A branch office in China is one that is used for business purposes for which the main company office holds responsibility. It is not a legal entity and it can only carries out liaison and coordination work. Such a situation would involve the existence of an offshore "parent", the People's Republic of China would be denied control of the entity - a situation which it seeks to avoid. In this way, China does not officially recognise branch offices, nor does it officially allow them to operate. Therefore, the difficulties posed by such restrictions and lack of legal standing mean that the branch office cannot be recommended as a vehicle for investment.
Sino-Foreign Equity Joint Ventures
These are enterprises established in China with joint investment from foreign companies, enterprises or other economic bodies and Chinese economic bodies. As the name suggests, such enterprises involve joint investment, operation and share of risk in proportion to the amount of investment inputted by the respective parties. Each party is accordingly jointly responsible for the profits and losses of the enterprise. Investment can come in the form of (amongst other things) currency, buildings, industrial property or equipment. In general, the level of investment offered by the foreign company should not be less than 25%.
The corporate form of such joint ventures is the limited liability company, with a Board of Directors as its supreme body of power. Some joint ventures in China have now adopted this corporate form.
Sino-Foreign Co-operative Joint Ventures
Sino-foreign co-operative joint ventures also refer to Chinese- foreign contractual joint ventures. They are enterprises established in China with investment or conditions for co- operation jointly offered by foreign companies, enterprises or other economic bodies as well as by Chinese economic bodies.
The main difference from the equity joint venture we have just discussed is that the investment of the parties involved will not necessarily be converted into ratios of investment.
The rights and obligations of the parties involved with regards to such issues as distribution, investment, operation and sharing of risks and profits is determined by the contracts signed by the parties from the outset of the venture. These ventures tend to involve the foreign partner providing most or all of the funds whilst the Chinese partner contribute land, facilities and a perhaps a limited amount of funding. The usual approach is to stipulate in the contract that the Chinese party will own all the assets of the venture once the date of expiry of the venture is reached, with the foreign party recouping its investment within the duration of the venture.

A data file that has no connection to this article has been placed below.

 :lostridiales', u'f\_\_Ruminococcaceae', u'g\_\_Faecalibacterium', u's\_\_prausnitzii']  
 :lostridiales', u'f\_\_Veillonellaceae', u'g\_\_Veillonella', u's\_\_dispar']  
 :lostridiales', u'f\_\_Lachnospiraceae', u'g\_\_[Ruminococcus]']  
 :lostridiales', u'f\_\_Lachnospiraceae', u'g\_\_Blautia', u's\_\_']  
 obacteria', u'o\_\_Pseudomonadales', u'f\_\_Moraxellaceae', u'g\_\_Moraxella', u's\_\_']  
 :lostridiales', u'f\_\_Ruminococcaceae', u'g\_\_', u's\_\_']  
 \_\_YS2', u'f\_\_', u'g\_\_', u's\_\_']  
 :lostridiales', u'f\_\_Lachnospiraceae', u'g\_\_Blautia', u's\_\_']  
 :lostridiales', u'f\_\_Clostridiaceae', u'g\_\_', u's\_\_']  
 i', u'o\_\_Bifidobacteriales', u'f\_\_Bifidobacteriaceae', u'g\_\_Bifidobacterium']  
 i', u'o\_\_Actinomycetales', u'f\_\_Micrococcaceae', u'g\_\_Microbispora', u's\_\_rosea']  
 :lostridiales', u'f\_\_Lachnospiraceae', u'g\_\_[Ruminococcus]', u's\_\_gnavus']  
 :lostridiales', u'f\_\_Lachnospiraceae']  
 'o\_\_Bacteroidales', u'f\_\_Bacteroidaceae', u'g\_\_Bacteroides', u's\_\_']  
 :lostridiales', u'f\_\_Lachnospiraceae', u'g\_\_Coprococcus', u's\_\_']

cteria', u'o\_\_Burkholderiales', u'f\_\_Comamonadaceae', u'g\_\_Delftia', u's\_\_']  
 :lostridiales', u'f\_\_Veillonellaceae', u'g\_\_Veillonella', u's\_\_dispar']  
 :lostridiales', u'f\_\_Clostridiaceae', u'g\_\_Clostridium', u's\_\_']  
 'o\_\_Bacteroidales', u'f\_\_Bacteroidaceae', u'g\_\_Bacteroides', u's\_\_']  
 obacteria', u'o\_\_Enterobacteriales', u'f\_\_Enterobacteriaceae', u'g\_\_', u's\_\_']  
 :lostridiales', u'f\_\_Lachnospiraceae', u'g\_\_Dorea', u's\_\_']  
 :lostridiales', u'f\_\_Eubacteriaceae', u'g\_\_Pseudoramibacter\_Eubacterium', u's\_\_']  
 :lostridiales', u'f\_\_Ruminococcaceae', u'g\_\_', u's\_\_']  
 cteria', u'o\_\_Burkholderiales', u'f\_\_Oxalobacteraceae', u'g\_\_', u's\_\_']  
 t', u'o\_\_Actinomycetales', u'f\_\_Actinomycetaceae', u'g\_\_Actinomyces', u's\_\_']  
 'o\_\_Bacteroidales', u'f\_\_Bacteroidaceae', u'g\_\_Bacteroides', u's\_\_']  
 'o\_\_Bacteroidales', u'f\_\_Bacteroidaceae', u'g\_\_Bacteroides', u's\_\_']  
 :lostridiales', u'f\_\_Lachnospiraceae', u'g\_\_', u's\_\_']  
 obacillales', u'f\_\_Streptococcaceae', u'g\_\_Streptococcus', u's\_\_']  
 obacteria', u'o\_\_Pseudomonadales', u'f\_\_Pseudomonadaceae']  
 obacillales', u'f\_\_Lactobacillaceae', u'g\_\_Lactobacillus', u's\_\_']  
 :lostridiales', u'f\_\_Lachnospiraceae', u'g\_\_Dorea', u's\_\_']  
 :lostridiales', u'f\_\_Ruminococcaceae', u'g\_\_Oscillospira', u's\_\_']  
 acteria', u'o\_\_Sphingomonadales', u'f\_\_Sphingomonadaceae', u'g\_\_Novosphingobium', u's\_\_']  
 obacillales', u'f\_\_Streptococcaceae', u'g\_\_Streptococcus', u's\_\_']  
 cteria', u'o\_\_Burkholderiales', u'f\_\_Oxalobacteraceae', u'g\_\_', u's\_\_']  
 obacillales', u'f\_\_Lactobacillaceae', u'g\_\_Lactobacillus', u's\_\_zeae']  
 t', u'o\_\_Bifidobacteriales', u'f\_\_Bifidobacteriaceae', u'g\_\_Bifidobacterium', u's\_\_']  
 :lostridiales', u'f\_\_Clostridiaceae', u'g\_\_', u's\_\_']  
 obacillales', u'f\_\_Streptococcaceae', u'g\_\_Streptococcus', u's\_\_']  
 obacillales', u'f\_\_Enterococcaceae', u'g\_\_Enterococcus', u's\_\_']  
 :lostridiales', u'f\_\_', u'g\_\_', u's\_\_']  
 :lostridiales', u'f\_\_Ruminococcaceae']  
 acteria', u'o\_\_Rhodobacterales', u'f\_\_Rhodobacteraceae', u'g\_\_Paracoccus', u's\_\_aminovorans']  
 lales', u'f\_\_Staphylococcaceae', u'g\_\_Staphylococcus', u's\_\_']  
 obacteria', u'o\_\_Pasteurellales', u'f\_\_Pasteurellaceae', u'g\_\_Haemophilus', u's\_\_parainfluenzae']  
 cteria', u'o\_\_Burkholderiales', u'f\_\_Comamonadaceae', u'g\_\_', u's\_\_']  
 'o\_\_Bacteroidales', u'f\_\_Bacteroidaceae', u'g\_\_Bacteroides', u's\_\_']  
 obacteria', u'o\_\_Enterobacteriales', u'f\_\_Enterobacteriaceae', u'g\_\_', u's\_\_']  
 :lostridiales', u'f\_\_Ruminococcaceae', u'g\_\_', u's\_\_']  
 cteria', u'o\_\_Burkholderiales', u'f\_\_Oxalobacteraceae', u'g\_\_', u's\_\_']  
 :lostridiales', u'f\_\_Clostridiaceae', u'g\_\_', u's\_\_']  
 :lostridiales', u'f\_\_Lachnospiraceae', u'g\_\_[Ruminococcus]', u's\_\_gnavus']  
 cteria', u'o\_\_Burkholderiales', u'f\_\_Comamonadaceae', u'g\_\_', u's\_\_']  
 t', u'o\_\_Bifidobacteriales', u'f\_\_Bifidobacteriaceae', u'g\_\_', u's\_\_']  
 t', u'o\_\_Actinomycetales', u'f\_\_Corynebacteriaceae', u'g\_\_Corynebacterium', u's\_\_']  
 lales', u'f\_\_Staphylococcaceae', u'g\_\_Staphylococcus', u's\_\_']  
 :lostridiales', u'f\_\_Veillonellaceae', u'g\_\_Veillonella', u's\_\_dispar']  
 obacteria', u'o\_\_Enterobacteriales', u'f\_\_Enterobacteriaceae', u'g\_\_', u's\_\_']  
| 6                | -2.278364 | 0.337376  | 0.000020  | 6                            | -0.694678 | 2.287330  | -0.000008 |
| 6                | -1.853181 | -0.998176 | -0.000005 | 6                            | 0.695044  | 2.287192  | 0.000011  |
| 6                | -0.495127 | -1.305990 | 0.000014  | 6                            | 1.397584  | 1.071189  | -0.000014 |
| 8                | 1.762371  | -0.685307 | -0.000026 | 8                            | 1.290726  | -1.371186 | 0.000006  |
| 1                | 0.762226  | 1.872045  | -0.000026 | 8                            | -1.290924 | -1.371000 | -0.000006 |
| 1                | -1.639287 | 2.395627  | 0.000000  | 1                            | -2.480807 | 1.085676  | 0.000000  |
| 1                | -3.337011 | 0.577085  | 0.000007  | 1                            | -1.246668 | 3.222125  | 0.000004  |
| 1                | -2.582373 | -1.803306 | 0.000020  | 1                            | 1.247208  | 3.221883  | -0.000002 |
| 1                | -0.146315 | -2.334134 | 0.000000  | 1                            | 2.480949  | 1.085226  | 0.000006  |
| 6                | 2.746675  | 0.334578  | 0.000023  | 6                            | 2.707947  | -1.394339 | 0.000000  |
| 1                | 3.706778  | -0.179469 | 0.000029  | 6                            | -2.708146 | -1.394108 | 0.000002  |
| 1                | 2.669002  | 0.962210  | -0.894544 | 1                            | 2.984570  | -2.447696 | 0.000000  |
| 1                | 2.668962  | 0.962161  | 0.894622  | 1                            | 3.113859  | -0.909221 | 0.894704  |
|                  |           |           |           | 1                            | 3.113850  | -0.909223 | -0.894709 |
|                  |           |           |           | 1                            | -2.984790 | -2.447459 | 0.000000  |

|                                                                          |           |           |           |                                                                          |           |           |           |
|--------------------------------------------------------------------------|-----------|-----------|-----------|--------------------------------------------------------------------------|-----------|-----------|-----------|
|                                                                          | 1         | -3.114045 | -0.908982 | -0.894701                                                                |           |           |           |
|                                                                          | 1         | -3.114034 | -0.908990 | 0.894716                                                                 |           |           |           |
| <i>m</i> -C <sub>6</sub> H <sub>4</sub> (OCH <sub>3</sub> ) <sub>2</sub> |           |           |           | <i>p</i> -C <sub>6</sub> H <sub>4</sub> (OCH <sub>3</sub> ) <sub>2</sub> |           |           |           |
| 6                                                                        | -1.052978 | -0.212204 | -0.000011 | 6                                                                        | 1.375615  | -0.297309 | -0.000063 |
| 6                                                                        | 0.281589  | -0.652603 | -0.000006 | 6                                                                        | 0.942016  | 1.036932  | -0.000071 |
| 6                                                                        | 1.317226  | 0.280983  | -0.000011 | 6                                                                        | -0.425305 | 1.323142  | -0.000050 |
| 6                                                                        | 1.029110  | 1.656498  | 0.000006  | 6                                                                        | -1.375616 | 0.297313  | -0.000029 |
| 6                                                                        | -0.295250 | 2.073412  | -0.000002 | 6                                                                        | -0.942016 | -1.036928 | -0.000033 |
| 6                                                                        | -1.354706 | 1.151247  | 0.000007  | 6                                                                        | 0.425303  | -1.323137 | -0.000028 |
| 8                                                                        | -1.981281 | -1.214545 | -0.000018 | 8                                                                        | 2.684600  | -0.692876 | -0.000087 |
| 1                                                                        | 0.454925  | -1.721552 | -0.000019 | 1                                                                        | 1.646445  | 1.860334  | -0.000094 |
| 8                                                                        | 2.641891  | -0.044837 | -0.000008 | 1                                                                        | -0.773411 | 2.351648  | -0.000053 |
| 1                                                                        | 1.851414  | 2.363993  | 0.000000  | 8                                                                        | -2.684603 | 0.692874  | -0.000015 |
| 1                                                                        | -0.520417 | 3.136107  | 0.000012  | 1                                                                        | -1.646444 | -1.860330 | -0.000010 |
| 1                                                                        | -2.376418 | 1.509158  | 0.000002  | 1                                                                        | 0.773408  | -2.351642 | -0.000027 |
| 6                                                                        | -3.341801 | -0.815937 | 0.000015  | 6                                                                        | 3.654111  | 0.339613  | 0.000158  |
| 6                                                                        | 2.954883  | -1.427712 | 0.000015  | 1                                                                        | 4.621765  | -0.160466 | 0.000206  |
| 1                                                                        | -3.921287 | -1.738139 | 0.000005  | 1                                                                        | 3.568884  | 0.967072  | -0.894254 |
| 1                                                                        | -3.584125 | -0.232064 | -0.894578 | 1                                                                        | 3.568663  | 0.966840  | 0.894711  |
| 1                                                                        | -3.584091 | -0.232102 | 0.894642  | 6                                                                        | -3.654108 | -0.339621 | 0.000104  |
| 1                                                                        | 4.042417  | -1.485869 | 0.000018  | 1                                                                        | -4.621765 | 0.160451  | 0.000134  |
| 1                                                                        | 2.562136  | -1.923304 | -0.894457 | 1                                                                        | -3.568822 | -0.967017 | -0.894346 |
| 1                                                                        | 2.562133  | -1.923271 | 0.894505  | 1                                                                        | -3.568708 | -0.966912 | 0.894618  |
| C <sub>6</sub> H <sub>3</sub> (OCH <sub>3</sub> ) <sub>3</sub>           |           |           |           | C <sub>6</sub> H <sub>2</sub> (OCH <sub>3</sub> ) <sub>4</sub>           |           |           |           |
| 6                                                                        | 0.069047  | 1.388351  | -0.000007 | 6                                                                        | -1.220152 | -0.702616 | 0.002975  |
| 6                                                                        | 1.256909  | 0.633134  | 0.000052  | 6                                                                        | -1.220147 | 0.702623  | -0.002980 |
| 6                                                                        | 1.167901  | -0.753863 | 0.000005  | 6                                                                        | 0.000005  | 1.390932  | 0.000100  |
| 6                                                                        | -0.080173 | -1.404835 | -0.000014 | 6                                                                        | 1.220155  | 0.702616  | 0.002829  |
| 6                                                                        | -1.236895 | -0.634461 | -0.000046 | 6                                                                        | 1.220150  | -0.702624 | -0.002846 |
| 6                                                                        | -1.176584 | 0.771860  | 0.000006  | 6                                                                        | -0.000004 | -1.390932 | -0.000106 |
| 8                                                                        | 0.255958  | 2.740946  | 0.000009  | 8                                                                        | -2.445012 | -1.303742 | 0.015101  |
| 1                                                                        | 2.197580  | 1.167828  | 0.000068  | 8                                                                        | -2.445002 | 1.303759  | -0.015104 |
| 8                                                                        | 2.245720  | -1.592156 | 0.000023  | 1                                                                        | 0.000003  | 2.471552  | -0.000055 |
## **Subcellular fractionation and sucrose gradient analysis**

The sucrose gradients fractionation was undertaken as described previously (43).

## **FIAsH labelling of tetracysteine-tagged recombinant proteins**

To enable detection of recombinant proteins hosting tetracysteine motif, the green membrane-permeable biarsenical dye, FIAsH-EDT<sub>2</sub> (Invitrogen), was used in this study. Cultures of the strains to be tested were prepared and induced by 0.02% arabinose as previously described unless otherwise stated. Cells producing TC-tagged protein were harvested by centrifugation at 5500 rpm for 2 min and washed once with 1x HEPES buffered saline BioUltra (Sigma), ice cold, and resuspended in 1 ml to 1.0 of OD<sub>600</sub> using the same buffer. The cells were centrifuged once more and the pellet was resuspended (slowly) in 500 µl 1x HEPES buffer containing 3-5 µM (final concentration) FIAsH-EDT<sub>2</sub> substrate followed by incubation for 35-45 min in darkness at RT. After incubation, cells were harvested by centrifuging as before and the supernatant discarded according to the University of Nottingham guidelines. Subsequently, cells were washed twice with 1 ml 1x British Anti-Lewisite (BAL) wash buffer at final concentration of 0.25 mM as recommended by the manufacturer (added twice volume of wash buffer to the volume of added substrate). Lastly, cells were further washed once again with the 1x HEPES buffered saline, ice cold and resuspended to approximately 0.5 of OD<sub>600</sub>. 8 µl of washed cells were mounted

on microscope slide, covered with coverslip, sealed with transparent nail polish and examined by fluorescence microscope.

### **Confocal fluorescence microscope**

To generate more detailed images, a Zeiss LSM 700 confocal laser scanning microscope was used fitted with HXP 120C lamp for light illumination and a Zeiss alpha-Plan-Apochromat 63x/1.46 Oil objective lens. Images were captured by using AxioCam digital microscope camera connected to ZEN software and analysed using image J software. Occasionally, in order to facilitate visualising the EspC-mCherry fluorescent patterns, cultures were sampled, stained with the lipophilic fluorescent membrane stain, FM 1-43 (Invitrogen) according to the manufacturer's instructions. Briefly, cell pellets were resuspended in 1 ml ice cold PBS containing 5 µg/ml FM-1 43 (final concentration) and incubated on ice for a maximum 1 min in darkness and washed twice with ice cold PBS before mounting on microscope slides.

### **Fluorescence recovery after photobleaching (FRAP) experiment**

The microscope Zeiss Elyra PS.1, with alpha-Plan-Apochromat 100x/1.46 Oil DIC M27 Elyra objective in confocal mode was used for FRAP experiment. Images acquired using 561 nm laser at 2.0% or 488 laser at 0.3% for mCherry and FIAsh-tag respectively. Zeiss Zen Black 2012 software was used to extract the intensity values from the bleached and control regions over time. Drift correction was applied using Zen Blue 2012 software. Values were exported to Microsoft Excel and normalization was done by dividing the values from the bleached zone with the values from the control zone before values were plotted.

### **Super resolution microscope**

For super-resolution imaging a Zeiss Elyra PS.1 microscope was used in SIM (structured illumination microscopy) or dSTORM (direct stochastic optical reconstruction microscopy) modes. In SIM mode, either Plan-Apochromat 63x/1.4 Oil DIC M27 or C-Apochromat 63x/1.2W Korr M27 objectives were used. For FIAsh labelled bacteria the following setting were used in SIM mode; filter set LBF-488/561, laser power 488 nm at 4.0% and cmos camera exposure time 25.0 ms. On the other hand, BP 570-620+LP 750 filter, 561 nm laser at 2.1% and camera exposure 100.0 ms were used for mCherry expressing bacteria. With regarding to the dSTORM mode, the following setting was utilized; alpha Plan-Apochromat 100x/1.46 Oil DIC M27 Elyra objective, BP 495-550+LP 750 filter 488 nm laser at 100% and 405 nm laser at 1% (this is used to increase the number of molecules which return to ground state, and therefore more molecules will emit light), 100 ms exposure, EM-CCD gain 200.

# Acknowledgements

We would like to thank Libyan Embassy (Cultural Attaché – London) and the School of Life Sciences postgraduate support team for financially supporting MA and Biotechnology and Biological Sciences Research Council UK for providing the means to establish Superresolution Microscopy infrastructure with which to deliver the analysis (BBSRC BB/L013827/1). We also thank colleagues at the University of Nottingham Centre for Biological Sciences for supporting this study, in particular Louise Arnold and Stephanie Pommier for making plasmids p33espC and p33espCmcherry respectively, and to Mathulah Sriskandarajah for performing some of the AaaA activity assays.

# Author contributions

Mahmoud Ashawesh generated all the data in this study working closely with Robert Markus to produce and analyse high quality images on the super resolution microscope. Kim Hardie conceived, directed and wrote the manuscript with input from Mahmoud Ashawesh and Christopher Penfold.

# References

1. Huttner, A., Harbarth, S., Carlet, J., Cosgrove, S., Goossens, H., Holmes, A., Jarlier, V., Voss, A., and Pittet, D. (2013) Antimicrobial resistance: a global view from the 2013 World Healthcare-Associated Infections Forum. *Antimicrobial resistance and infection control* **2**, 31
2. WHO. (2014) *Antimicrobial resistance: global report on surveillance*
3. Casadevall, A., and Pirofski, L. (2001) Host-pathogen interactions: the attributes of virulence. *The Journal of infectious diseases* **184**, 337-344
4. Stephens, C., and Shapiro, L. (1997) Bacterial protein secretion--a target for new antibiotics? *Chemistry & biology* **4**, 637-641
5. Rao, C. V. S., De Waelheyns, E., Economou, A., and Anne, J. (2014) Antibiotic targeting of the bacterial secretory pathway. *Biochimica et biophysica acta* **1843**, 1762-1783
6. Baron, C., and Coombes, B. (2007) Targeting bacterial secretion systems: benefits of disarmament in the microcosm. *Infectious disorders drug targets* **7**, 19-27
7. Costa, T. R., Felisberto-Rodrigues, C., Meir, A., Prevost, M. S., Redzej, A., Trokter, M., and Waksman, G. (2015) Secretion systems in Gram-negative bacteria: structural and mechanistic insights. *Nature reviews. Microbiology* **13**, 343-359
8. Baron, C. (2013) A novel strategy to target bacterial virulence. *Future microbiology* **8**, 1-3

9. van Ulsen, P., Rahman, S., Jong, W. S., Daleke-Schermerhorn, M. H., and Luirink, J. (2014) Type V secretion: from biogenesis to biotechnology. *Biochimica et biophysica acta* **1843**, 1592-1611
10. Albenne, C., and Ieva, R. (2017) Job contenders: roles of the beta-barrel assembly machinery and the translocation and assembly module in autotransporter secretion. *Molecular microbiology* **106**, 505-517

Such forms of co-operative joint venture are universally attractive, for they allow the Chinese partner to have a source of investment whilst permitting the foreign company to recoup its investment.
Wholly Owned Foreign Enterprises
These also refer to wholly foreign- owned enterprises. They are enterprises set up in China by foreign companies or economic bodies in accordance with Chinese law with the investment entirely provided by foreign investors.
Such enterprises must be conducive to the development of China's national economy; they must also meet one of the following requirements:
The corporate form of foreign enterprises in China is generally the limited liability company. Although China has been late on the scene in terms of providing a system of establishment for foreign enterprises, they have grown in number rapidly over the past few years.
Chinese Holding Companies
Approval has recently been given to multinational corporations by China's Ministry of Foreign Trade and Economic Cooperation (MOFTEC) to establish foreign-invested holding companies. Though mostly analogous to Western Holding Companies, there are a couple of differences. Multinational companies may wish to set up holding companies in order to increase investment or reinvestment in China, as well as to coordinate investment companies already established in China.
A Holding Company in China may invest in such fields as industry, agriculture, infrastructure and energy, provided that the State encourages foreign investment in these sectors.
Typical work undertaken by a Holding Company might include action as a purchasing agent, distribution or the provision of after sales service, amongst other things. Provisional Regulations dictate that a Chinese Holding Company may enjoy the preferential treatment of a foreign- invested enterprise, and as such is awarded both a foreign- invested enterprise certificate and licence.
Chinese government allows foreign investment to acquire shares of special category, B shares, of approved list companies in the Stock Exchange. However, ownership and management are separated. Chinese government is considering allowing foreign invested entity in China to be listed in the Stock Exchange, but it takes time for the government to come at this decision.
Special approved foreign JV
Foreign nationals are generally not allowed to hold equity of private companies in China unless with special consent from the government. A merger and acquisition exercise involving foreign fund will convert a private company into a foreign JV.